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Online gambling on the radar of Pennsylvania officials

Where the money goes

The state collects in taxes $1.4 billion, or about 55 percent, of casinos' slot machine revenue, said Richard McGarvey, spokesman for the Pennsylvania Gaming Control Board.

Thirty-four percent goes to property tax relief, 12 percent goes to the horse racing industry, 5 percent goes to community and economic development, and 4 percent goes to communities in which there are casinos, he said.

For table games, 14 percent, or about $105.6 million, is collected in tax revenue. Of that, 12 percent goes to the state general fund, and 2 percent goes to the counties and municipalities in which casinos are located, he said.

Sunday, Oct. 20, 2013, 11:56 p.m.
 

Pennsylvania needs to look at the effects of legalized online gambling in other states before it considers offering it here, a state senator said.

“We want (gambling businesses) to survive here and to prosper, because it puts money in our coffers,” said state Sen. Kim Ward, R-Hempfield, chairwoman of the Senate Community, Economic and Recreational Development Committee.

Three states have legalized online gambling, and several others are considering it to generate more tax revenue.

Officials said concerns about legalizing online games include the potential loss of revenue among casinos and the Pennsylvania Lottery — the latter funds programs for senior citizens — and the possibility of underage gambling.

Those issues will be on the table on Tuesday and Wednesday, when gaming industry leaders from around the world and state gambling regulators attend an online gaming conference, the World Regulatory Briefing USA, in Philadelphia.

“We're basically hoping to learn more about how other states, jurisdictions and even some international jurisdictions, how they would approach Internet gambling ... or those jurisdictions that do have legislation that has passed,” said Kevin O'Toole, executive director of the Pennsylvania Gaming Control Board.

Online gambling is not a priority, nor is it under consideration in Pennsylvania, said state Rep. Mauree Gingrich, R-Lebanon County, chairwoman of the House Committee on Gaming Oversight.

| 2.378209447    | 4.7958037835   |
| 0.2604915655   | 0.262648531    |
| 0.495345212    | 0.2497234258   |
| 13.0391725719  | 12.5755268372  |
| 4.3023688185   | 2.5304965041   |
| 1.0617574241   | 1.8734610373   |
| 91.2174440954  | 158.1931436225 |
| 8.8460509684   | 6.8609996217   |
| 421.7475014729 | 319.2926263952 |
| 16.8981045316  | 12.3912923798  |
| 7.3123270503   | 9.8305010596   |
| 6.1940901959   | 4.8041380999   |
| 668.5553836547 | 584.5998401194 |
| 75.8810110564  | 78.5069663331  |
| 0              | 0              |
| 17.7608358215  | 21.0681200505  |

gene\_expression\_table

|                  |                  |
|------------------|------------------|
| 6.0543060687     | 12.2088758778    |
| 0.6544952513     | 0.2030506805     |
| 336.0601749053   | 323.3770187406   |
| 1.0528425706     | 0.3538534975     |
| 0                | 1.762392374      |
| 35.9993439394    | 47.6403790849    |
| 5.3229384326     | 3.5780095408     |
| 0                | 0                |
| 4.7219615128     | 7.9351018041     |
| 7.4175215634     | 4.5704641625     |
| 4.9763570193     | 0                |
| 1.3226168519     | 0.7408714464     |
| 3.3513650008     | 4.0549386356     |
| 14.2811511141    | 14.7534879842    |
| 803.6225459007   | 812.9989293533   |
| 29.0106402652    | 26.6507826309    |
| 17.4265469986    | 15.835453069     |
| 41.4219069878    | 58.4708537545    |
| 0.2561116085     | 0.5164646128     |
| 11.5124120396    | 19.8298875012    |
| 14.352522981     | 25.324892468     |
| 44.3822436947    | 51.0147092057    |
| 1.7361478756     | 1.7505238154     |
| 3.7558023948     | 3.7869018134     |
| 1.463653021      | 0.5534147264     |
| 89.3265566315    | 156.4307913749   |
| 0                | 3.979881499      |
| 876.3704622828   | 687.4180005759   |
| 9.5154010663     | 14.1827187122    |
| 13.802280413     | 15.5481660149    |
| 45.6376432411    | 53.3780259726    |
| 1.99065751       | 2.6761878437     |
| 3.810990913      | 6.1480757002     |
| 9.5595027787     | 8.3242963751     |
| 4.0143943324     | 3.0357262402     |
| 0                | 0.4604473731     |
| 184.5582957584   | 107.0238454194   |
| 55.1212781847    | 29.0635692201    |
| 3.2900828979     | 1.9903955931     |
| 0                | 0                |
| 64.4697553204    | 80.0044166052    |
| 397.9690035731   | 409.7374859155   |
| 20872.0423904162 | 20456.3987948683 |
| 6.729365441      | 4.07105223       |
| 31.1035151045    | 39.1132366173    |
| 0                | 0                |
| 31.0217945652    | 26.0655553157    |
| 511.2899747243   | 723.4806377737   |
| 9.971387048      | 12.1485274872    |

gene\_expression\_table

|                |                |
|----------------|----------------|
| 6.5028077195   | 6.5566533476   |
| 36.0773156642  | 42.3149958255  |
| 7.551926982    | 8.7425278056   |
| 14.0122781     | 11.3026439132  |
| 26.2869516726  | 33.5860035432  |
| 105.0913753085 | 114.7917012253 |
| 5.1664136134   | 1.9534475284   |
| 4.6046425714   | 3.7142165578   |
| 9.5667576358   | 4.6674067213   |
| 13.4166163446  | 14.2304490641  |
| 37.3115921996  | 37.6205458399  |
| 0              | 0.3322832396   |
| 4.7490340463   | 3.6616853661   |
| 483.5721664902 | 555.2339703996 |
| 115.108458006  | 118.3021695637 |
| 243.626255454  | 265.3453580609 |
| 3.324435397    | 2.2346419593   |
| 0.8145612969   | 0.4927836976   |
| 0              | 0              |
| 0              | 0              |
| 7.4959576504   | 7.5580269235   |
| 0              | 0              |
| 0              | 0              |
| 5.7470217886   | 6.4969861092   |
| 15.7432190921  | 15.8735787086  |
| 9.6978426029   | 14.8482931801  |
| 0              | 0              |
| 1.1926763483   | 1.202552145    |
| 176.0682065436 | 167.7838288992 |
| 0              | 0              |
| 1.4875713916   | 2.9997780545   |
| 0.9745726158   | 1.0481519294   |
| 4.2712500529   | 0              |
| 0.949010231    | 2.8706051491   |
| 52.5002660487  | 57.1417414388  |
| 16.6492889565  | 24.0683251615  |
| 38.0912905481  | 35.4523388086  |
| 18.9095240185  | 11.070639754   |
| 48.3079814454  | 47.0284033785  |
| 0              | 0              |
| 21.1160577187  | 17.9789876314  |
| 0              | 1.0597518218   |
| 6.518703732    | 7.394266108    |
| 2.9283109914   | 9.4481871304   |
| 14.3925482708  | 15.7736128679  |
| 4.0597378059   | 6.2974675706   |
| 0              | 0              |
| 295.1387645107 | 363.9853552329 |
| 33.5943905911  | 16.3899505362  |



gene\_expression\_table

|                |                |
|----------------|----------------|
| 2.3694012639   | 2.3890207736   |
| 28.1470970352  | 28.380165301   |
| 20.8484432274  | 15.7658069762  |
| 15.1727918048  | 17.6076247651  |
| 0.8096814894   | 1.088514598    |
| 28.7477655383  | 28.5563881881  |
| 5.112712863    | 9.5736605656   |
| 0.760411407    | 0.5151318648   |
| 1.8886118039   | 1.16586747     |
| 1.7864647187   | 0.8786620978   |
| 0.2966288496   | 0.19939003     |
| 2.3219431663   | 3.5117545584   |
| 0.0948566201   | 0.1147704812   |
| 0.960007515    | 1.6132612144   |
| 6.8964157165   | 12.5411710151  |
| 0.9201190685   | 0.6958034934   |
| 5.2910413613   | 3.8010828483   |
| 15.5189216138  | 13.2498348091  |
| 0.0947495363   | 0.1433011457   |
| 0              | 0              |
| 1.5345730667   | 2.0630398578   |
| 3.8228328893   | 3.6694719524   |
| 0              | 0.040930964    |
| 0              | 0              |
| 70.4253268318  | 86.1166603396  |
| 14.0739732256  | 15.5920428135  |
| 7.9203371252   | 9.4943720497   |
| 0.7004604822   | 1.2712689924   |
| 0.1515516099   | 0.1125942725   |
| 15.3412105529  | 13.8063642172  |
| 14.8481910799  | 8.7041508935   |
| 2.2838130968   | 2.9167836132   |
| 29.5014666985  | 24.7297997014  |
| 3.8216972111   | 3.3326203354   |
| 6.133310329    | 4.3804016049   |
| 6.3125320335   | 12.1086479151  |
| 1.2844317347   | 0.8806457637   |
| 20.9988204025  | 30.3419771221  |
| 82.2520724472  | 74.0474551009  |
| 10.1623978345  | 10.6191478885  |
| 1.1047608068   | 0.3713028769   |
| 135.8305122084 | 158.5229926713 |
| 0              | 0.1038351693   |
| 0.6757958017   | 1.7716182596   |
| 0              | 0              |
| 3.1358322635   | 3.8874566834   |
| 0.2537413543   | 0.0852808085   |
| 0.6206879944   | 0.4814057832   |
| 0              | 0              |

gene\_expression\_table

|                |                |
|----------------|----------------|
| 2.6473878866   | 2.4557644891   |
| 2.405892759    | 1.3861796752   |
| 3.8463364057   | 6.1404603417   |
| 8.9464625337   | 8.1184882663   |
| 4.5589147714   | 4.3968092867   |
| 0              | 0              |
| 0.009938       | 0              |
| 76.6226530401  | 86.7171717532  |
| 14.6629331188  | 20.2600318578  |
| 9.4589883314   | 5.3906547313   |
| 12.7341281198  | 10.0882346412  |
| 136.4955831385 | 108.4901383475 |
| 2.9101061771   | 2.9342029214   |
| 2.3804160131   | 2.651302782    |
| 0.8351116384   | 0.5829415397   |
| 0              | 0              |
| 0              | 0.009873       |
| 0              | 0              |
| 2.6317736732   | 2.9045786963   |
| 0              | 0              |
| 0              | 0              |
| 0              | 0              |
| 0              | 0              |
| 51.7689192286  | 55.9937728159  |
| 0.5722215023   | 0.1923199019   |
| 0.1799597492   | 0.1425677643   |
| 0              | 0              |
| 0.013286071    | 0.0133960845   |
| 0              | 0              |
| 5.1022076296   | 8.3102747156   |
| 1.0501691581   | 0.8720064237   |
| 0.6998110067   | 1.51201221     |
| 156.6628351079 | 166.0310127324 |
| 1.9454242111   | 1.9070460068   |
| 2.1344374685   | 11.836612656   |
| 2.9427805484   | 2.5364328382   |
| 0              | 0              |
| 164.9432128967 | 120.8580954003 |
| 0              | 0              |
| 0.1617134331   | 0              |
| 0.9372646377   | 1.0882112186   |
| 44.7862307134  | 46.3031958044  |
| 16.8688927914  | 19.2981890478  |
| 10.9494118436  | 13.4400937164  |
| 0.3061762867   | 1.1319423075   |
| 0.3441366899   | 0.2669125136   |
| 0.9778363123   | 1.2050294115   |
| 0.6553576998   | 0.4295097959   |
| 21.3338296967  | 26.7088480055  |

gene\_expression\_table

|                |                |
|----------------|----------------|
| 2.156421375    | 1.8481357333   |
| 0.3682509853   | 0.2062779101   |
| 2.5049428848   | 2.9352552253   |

“We do not have any estimates on potential additional revenues resulting from Internet gaming. Of course, before that could be accomplished, a tax rate, license fees, the regulatory structure would all have to be a part of the equation,” Gingrich said.

In April, state Rep. Tina Davis, D-Bucks County, introduced a bill that would have put the Gaming Control Board in charge of regulating online gaming in the state, including determining which games could be offered. The bill stalled in the House committee.

In December 2011, the Department of Justice removed the Wire Act as a tool to prosecute online gambling providers and allowed states to offer games of chance on the Internet to companies that operate within their respective borders, according to the Washington-based American Gaming Association, which represents the commercial casino industry.

Nevada legalized intrastate online gambling in February, but it allows only online poker. Delaware legalized intrastate online gambling in June 2012. New Jersey approved it in February, and games will start on Nov. 26.

New Jersey will be watched closely “because of the fact that they will be offering all games and because of the size of the population in New Jersey,” said Holly Wetzel, spokeswoman for the American Gaming Association.

Ward said she is considering sponsoring a study to examine gambling in Pennsylvania.

Pennsylvania casinos have lost revenue to competition in nearby states, Ward said, citing Ohio casinos that opened in 2012. Table game revenue at Presque Isle Downs and Casino in Erie County declined 31 percent to $15 million between fiscal years 2011-12 and 2012-13, and much of that dip is attributed to the opening of the Horseshoe Cleveland casino, officials said.

Most the American Gaming Association's members believe online gaming would complement casinos, Wetzel said.

“There will never be a substitute for the social aspect of the bricks-and-mortar gaming experience,” she said.

Tory N. Parrish is a staff writer for Trib Total Media. She can be reached at 412-380-5662 or tparrish@tribweb.com.

 

 

 
 


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